“With 8 hours of talk time, and 24 hours of audio playback, iPhone’s battery life is longer than any other ‘Smartphone’ and even longer than most MP3 players,” said Steve Jobs, Apple’s CEO. “We’ve also upgraded iPhone’s entire top surface from plastic to optical-quality glass for superior scratch resistance and clarity. There has never been a phone like iPhone, and we can’t wait to get this truly magical product into the hands of customers starting just 11 days from today.”

iPhone introduces an entirely new user interface based on a revolutionary multi-touch display and pioneering new software that allows users to control iPhone with just a tap, flick or pinch of their fingers. iPhone combines three products into one small and lightweight handheld device — a revolutionary mobile phone, a widescreen iPod, and the Internet in your pocket with best-ever applications on a mobile phone for email, web browsing and maps.

iPhone ushers in an era of software power and sophistication never before seen in a mobile device, which completely redefines what users can do on their mobile phones.

Pricing and Availability
iPhone will be available in the US on June 29, 2007 in a 4GB model for $499 (US) and an 8GB model for $599 (US), and will work with either a PC or Mac(R). iPhone will be sold in the US through Apple’s retail and online
stores, and through AT&T’s select retail stores.

*All Battery claims are dependent upon network configuration and many other factors; actual results may vary. See http://www.apple.com/batteries for more information. Music capacity is based on four minutes per song and 128-Kbps AAC encoding; actual capacity varies by content.

Press release [Apple]

Microsoft launches new look for mobile MSN

Microsoft launches new look for mobile MSN

Microsoft launched a redesigned MSN portal optimized for mobile phones on Sunday, stepping up its offering at a time when more powerful devices increase the demand for richer content on handsets.

U.S. mobile Internet use still represents only a fraction of computer-based Web usage, but technology heavyweights like Microsoft see increasingly powerful mobile phones and faster networks opening the door for new services and content.

“We firmly believe there is an inflection point here,” said Phil Holden, Microsoft’s director of mobile Web services. “There’s a new battle, a new frontline developing on the mobile phone.”

Microsoft’s new MSN Mobile portal offers news, sports information, entertainment features and access to services like e-mail, search, maps and instant messaging all on one page.

When a user accesses the portal, the MSN platform detects the handset and optimizes the site for that device, adjusting things like font sizes for different screens.

The number of U.S. mobile Internet users is expected to more than triple to 110 million in 2011 from the current 32 million, according to Sterling Market Intelligence and Opus Research.

Microsoft faces a lot of competition in the space.

Its Web competitors Google and Yahoo are trying to establish a mobile Internet presence while wireless carriers want to keep their consumers close with portals of their own.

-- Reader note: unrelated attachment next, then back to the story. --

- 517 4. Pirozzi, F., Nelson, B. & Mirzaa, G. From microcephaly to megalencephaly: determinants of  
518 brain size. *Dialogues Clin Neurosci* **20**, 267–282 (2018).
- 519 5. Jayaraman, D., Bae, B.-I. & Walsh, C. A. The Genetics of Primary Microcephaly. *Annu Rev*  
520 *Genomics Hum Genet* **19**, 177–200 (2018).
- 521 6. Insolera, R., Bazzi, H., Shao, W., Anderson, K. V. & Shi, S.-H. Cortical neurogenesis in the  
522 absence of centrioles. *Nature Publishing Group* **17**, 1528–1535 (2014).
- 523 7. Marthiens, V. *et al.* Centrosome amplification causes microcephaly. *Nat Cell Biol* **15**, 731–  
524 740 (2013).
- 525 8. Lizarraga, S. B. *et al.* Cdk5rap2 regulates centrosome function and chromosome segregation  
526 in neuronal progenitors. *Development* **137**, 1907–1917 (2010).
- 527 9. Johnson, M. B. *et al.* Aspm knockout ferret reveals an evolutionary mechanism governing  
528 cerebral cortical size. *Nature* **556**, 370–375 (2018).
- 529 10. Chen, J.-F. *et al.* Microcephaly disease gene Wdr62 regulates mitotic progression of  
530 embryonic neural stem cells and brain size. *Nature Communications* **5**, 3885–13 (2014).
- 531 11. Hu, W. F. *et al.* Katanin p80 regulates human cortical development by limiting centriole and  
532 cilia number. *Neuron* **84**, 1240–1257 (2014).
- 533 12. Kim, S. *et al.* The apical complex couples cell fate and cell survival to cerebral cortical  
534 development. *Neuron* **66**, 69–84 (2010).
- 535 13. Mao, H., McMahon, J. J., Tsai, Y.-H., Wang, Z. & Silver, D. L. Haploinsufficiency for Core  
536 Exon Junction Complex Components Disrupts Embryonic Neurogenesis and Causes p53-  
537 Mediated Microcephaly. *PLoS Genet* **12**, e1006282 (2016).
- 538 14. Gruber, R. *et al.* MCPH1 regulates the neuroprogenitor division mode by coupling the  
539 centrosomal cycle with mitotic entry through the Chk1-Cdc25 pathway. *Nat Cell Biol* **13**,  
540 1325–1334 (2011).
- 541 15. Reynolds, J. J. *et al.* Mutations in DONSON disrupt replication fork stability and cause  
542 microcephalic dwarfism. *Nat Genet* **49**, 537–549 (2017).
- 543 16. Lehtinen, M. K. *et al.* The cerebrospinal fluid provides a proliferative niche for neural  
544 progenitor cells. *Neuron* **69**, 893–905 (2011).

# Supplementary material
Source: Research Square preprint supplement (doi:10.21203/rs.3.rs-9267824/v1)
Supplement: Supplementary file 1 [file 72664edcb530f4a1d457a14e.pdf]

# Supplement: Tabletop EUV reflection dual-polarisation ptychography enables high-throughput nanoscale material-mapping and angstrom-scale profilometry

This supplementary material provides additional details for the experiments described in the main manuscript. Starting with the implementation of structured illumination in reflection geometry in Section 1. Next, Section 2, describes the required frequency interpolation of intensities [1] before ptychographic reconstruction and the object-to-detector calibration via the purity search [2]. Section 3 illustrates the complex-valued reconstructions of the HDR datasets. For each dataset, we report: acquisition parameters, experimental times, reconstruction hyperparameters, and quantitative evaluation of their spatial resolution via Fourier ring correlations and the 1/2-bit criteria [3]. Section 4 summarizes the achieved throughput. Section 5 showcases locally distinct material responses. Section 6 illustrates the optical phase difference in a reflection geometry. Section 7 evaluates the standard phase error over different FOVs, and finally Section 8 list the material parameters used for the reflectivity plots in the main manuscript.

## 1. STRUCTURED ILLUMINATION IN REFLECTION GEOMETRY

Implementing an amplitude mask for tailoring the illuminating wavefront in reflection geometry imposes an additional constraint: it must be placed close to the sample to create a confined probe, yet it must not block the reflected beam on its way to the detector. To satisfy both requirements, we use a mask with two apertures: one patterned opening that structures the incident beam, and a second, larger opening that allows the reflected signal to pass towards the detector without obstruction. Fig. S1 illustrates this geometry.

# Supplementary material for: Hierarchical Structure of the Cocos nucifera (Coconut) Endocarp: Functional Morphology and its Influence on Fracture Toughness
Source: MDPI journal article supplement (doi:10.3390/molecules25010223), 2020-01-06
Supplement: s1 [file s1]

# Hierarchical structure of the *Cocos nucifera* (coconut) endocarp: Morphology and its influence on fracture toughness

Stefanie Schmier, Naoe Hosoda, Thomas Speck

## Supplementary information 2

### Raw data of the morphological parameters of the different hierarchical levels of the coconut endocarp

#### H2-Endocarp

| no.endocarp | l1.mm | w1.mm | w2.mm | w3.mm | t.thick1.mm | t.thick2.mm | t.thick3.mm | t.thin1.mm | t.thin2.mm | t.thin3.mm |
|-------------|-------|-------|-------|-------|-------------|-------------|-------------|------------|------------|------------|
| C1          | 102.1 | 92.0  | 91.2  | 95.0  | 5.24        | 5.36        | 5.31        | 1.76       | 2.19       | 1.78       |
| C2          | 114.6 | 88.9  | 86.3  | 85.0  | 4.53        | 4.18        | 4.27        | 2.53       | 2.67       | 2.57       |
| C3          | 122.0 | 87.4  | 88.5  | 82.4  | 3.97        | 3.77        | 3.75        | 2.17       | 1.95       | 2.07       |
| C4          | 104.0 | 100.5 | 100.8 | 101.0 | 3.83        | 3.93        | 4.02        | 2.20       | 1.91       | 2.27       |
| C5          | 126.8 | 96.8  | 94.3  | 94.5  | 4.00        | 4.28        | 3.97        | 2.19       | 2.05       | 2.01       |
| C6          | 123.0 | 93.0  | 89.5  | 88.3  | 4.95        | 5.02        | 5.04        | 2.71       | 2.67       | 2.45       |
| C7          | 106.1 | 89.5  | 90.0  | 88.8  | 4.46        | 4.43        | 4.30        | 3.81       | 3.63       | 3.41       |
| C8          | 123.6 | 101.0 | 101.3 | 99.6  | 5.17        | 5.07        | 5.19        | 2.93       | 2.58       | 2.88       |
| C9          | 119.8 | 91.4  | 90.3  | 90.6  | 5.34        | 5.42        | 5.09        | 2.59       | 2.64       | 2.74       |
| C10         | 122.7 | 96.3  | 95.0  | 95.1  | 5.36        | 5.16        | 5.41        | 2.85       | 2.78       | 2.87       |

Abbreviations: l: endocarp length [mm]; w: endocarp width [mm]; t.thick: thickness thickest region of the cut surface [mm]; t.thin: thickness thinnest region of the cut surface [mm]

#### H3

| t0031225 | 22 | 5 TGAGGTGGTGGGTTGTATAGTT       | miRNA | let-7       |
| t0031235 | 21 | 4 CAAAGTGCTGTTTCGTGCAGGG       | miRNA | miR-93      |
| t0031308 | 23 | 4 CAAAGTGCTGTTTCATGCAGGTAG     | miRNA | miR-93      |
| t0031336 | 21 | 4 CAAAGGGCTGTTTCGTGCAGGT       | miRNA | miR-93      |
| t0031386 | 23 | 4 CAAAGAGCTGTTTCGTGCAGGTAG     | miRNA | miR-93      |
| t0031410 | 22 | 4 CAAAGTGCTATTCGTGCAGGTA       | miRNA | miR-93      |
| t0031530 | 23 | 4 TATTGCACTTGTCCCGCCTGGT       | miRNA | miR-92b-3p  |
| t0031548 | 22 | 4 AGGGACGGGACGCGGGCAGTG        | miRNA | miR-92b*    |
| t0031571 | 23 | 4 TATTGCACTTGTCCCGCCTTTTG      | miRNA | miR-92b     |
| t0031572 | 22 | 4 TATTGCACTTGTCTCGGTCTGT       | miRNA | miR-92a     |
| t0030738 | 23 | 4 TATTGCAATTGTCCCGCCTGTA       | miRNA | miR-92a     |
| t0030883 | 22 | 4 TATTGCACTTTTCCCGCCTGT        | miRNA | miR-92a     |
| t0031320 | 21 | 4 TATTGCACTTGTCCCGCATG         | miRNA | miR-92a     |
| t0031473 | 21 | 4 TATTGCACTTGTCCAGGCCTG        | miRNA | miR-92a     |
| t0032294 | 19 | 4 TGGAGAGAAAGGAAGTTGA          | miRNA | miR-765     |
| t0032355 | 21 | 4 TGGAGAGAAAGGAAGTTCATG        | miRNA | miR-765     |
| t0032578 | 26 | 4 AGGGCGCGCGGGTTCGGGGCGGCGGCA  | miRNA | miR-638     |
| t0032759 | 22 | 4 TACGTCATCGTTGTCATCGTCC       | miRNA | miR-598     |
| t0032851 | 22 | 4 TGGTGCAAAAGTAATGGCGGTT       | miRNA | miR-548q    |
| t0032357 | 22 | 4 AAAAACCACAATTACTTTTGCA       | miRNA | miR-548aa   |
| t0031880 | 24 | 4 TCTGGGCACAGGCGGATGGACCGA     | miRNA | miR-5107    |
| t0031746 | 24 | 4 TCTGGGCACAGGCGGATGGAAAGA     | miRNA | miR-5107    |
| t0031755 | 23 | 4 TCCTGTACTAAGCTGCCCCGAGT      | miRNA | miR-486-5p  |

The ultimate prize for all the players is to gain a foothold in the market for mobile advertising. ABI Research has forecast global mobile marketing and advertising to increase sixfold to $19 billion by 2011 from an estimated $3 billion by the end of 2007.

Microsoft said it will not place advertising on the portal right away, but said it expects to have either banner, text or click-to-call ads in place this year.

The launch of the new MSN Mobile portal comes a few weeks before Apple releases its iPhone, which features a Safari browser that allows users to view full Web pages by zooming in and out.

Greg Sterling, founding principal of research firm Sterling Market Intelligence, said the iPhone and the new MSN portal reflect how companies are trying to address consumer dissatisfaction with surfing the Internet on mobile phones.

“The majority of users are not surfing the mobile Internet yet, but there is pent-up demand for content on mobile phones,” said Sterling, noting that small screens and slow networks contributed to a poor experience for most users.

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Intel readies massive multicore processors

Ants and beetles have exoskeletons–and chips with 60 and 80 cores are going to need them as well.

Researchers at Intel are working on ways to mask the intricate functionality of massive multicore chips to make it easier for computer makers and software developers to adapt to them, said Jerry Bautista, co-director of Intel’s Tera-scale Computing Research Program.

These multicore chips, he added, will also likely contain both x86 processing cores, similar to the brains inside the vast majority of Intel’s server and PC chips today, as well as other types of cores. A 64-core chip, for instance, might contain 42 x86 cores, 18 accelerators and four embedded graphics cores.

Some labs and companies such as ClearSpeed Technology, Azul Systems and Riken have developed chips with large numbers of cores–ClearSpeed has one with 96 cores–but the cores are capable of performing certain types of operations.

The 80-core mystery

Ever since Intel showed off its 80-core prototype processor, people have asked, “Why 80 cores?”

There’s actually nothing magical about the number, Bautista and others have said. Intel wanted to make a chip that could perform 1 trillion floating-point operations per second, known as a teraflop. Eighty cores did the trick. The chip does not contain x86 cores, the kind of cores inside Intel’s PC chips, but cores optimized for floating point (or decimal) math.

Other sources at Intel pointed out that 80 cores also allowed the company to maximize the room inside the reticle, the mask used to direct light from a lithography machine to a photo-resistant silicon wafer. Light shining through the reticle creates a pattern on the wafer, and the pattern then serves as a blueprint for the circuits of a chip. More cores, and Intel would have needed a larger reticle.